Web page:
In the 1980s sociologists and anthropologists such as Eric Hobsbawm, John Breuilly, Benedict Anderson and Ernest Gellner worked on the idea that nationalism did not exist prior to the Age of Revolutions. Their research and publications should be seen in the light of (renewed) interest in modernism, which could be defined as modernity, industrialisation, urbanisation, secularisation and democratisation – features that were absent prior to the 1780s. In 2012 Caspar Hirschi published a book on The Origins of Nationalism, which shows an alternative history with a focus on linguistic framing of a belongingness due to history. Azar Gat’s Nations (2013) suggests that (politicised) ethnicity and nationalism have become largely intertwined.
Where these previously mentioned studies form a macro-narrative on nationalism, Lotte Jensen’s volume The Roots of Nationalism consists of mainly micro-studies: embedded in findings from literary sources of a particular country with a bottom-up approach. It focusses upon the period 1600–1815, taking up the challenge of showing elements associated with nationalism in the pre-Revolutions period. The book has been split in five different themes: a theoretical framing of nationalism; nationalism rooted in history; othering; cultural output; and lastly, nationalism during the revolutionary period. The first theme is theoretical, the second through fourth are thematic, and the fifth is based upon a period in time. The central theme of all articles is nationalistic sentiments in early modern discourses.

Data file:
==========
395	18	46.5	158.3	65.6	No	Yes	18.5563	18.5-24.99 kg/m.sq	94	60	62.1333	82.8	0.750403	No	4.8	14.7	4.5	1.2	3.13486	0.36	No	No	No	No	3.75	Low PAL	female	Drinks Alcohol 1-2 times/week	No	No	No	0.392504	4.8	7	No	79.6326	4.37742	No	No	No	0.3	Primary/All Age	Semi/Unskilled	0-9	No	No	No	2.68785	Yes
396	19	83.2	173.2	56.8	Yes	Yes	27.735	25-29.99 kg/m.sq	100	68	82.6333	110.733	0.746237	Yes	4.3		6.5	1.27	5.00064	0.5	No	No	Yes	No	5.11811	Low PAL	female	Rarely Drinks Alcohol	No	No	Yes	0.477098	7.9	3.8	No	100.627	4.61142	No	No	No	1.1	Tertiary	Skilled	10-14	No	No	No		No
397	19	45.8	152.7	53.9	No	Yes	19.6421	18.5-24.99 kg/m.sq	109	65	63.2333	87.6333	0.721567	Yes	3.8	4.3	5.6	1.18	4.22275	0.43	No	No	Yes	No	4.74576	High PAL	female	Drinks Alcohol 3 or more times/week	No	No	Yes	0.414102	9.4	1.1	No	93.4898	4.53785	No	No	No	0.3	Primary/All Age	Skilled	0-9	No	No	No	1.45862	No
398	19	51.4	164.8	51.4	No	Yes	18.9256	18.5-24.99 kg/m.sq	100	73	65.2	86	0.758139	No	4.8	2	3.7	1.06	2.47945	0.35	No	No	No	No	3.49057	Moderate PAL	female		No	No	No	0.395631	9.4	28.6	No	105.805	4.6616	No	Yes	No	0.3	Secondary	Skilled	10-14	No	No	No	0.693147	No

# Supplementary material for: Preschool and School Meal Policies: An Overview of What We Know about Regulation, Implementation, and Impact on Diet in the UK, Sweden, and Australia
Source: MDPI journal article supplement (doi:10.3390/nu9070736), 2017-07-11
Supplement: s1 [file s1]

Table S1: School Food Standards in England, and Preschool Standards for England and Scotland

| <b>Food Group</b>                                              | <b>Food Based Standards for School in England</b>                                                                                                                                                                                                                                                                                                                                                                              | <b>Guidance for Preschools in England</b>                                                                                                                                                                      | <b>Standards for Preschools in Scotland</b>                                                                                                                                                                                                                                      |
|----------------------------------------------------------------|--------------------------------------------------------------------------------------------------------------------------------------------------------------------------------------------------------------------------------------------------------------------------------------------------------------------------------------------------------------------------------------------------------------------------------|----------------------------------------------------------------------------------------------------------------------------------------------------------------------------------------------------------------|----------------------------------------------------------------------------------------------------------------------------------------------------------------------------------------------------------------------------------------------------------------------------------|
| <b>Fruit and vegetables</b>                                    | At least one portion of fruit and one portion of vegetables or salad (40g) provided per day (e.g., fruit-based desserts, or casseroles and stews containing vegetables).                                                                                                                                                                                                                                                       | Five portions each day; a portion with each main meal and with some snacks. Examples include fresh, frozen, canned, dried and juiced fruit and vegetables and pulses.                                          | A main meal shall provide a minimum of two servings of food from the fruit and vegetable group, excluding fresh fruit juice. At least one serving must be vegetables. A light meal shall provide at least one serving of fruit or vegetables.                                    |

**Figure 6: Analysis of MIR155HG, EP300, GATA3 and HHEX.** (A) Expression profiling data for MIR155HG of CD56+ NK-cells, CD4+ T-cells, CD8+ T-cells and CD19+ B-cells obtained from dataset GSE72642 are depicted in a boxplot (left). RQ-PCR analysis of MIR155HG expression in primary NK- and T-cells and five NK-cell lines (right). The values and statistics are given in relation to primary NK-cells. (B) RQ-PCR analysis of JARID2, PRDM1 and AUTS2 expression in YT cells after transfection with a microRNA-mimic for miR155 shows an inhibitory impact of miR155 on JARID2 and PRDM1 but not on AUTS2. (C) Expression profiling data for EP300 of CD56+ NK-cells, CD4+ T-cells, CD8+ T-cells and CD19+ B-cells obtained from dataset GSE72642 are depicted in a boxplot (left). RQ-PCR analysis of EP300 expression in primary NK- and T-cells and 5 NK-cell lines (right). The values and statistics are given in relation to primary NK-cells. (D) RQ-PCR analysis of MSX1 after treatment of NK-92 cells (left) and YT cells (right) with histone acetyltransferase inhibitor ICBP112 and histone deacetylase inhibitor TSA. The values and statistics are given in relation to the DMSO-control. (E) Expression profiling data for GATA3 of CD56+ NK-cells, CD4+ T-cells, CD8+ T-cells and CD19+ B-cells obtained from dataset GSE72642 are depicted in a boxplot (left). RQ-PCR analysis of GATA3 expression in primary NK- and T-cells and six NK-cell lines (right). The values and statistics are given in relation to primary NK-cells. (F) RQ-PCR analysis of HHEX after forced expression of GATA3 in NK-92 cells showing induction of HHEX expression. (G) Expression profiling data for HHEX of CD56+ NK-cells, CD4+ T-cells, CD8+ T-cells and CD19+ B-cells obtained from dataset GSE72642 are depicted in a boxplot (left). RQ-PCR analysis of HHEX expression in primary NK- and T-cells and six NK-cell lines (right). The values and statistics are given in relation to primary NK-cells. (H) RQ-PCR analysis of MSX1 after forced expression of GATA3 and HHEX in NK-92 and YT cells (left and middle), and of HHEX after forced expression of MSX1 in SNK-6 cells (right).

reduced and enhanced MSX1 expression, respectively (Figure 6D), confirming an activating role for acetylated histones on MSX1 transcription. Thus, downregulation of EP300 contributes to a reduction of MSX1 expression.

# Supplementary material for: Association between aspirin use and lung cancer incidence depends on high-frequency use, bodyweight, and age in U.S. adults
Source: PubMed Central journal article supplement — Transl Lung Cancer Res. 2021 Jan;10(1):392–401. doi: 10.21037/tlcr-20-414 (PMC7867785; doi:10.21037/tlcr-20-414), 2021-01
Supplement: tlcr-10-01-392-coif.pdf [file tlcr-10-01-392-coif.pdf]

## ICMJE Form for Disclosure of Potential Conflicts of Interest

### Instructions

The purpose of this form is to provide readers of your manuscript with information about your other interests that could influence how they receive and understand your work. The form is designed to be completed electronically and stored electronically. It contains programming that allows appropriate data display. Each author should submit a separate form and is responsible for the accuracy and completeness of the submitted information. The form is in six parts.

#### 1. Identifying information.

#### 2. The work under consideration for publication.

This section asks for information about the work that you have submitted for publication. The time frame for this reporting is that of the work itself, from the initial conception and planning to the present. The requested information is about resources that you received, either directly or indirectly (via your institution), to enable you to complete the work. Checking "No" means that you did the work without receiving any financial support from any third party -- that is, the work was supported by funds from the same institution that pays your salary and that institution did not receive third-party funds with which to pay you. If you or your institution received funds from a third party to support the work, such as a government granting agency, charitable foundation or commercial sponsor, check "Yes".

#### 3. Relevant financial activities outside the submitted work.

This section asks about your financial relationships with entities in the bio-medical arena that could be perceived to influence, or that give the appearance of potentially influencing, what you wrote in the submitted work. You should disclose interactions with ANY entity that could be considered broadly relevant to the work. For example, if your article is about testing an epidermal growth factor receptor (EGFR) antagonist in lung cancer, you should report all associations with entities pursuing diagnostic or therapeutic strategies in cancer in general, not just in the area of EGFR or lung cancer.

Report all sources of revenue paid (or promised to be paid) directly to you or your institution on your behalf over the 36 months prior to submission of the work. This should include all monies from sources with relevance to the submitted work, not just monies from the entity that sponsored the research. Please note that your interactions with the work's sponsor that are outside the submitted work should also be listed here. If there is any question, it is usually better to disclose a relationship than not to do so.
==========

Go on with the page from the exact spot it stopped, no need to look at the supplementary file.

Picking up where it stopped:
Jensen has succeeded in bringing literary historians together with a great variety of cultural backgrounds. This resulted in contributions focusing on countries often left out of the scope of Western-European researchers due to less accessible languages in Iceland, Wales, Hungary and Russia. The – mainly – thematic approach has not resulted in one single definition of nationalism, however, in its absence the contributors have found room to shape their contributions source-based. The lack of a single definition could have turned out to be disastrous, however, the three thematic sections turn out to have a clear focus. Unfortunately, the fifth section, ‘Nation in the Age of Revolution’ seems to be the odd one out: here a choice for a chronological section was made. Considering the build-up of this volume, Verheijen’s protest songs would have fit well in the fourth section on ‘Maps, Language and Canonisation’ which focusses on the cultural output.
The red threat through all contributions is – obviously – literary examples in the early nationalism, or belongingness to a group with (ascribed) shared characteristics. Jensen starts off with an example by David Hume reflecting upon ‘nation’ and ‘national character’ (9) which became integrated in the daily use of language and literature. Understanding the differences between groups and their ‘identity’ was a matter of looking at – mainly – cultural expressions. Gat, Hadfield and Bell confront the reader with various arguments why ‘nationalism’ needs to be studied from a wider perspective. Gat shows that the focus should be on (political) ethnicity since it preceded nationalism and strongly influenced human interaction. Hadfield points out that a closer look at the shape of countries already invites us to look further back in time to find explanations of the shape and form of the borders well before the Revolutions. Bell shows that there is not necessarily an interconnectedness between ‘nationalism’ and ‘modernity’ as when, for example, eastern European countries became more self-aware due to the USSR’s suppression. He stresses that national sentiment and pride are not the same as national-ism – the latter being defined as a strict political program to consciously rally support – but that nationalism only started to appear step-by-step around the Revolutions and did not appear any earlier.